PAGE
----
Many actors and English students have told me they are afraid of Shakespeare. They don’t understand his work and think they never will. Actors have even gone so far as to turn down roles with my theater company, saying, “I can’t do Shakespeare.” It takes a lot of convincing, but once I give them a few tips, they realize they can perform Shakespeare and even enjoy it.
If you’re Shakespeare-phobic, there are things you can do to get over your fears and open yourself up to more opportunities. With a little bit of work, you’ll soon be quoting the Bard.
First, get a sense of the story. A site like shmoop.com can offer short summaries of the plays that are easy and often funny. Next, if you’re really serious about this, take a look at Sparknotes’ “No Fear” versions. These will give you Shakespeare’s language side-by-side with the modern equivalent so you can really get a sense of what every single line means. (You can purchase hard copies of these as well.)
At this point, you’ve got an idea of what’s going on but you still want to know: what’s up with the language?
Shakespeare’s language takes getting used to but it is not an impossible feat. While some characters speak in prose (ordinary language), a lot of the lines in the plays are in iambic pentameter, a type of verse. In iambic pentameter, there are ten syllables per line and every second syllable is stressed. For example, here is a line from one of Shakespeare’s sonnets: “When I do count the clock that tells the time...” The rhythm looks like this, with the bold text stressed: “When I do count the clock that tells the time...”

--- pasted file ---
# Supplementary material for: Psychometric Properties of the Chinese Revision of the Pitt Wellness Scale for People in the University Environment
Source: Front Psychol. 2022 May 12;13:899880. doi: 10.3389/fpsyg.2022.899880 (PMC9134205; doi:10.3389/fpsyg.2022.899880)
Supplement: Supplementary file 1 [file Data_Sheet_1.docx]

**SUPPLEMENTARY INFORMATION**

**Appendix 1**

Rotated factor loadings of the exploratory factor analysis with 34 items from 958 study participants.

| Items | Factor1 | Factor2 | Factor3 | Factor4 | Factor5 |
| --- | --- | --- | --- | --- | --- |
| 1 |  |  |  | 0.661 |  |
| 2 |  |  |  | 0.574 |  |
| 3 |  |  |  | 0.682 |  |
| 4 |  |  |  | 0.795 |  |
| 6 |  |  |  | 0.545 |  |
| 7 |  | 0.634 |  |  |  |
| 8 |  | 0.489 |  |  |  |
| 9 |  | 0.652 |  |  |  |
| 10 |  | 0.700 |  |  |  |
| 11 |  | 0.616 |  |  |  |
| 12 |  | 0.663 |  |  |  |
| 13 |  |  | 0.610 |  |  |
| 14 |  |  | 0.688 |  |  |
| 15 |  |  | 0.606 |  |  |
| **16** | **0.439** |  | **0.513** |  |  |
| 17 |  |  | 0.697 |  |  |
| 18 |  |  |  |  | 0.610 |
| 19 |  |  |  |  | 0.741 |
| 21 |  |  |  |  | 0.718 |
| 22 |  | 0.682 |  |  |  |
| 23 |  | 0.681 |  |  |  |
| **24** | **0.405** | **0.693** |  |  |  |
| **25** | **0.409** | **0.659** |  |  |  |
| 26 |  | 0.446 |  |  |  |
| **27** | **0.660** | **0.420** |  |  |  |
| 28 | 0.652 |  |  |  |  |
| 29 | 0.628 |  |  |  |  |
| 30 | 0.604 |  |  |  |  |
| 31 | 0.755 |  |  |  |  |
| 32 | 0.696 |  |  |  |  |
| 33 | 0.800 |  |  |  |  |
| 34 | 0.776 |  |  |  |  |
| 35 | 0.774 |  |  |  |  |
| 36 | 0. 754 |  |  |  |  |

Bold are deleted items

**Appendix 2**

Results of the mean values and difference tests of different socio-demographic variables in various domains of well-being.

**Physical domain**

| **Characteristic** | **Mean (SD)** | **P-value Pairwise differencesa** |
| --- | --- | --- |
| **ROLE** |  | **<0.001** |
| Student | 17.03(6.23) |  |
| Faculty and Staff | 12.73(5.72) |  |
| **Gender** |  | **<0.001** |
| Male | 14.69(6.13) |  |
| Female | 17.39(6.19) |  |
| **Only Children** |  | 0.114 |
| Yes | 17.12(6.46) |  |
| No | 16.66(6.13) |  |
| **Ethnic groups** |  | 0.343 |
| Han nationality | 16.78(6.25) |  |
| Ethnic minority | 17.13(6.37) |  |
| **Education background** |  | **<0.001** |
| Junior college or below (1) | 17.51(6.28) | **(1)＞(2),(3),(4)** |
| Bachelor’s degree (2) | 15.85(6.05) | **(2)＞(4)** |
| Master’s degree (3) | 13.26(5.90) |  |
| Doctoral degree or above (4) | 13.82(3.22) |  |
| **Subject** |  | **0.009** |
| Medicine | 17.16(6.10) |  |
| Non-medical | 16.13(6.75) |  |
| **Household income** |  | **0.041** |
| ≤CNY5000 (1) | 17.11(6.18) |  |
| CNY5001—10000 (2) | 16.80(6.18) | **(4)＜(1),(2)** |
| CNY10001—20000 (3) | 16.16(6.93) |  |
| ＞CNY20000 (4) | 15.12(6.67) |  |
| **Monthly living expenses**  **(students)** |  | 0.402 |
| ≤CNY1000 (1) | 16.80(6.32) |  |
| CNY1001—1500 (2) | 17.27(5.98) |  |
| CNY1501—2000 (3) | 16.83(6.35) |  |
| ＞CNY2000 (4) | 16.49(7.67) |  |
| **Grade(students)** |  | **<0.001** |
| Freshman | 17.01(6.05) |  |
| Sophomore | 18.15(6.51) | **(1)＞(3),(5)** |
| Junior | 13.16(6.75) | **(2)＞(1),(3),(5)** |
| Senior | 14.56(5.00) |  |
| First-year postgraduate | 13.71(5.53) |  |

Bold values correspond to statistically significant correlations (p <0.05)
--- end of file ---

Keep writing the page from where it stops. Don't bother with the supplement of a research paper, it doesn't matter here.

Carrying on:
But when you speak the line, don’t emphasize the rhythm. You don’t want it to sound like ba-BUM-ba-BUM-ba-BUM-ba-BUM-ba-BUM. Say the line normally, watching for commas, periods or other end-of-the sentence punctuation. That’s important. Pause when you hit one of those end marks. If there isn’t an end mark at the end of a line, don’t pause; keep going on to the next line.
In order to keep the rhythm or make the rhyme scheme work, Shakespeare sometimes switched up normal word order. In standard English, sentences usually follow a subject-verb-object pattern: William (subject) wrote (verb) the plays (object). Inverting the sentence—the plays (object) William (subject) wrote (verb)—offers a different way to say the same thing without changing the meaning, something Shakespeare did a lot.
For example, the following is a line from “Romeo and Juliet” that uses inverted word order:
“So early walking did I see your son.”
All the line means is, “I saw your son walking early.” Don’t let an unfamiliar sentence structure skew your understanding or interpretation of the text.
The last stumbling block is often vocabulary. Shakespeare used high-level vocabulary, but he also coined new words and phrases. If you’re preparing a scene or monologue and are unsure of the meaning of a word, look it up. (The No Fear version will also have the modern meanings and easier definitions of words.)
Finally, don’t just read a scene once and give up. Mark the text with definitions and notes. Read it out loud over and over again. Pretty soon, you’ll be developing an understanding of what Shakespeare is trying to say. Then use your acting skills to figure out the character’s motivation, which will determine how to say the lines. It takes some work, but with a little bit of effort, you’ll be well on your way to performing Shakespeare.
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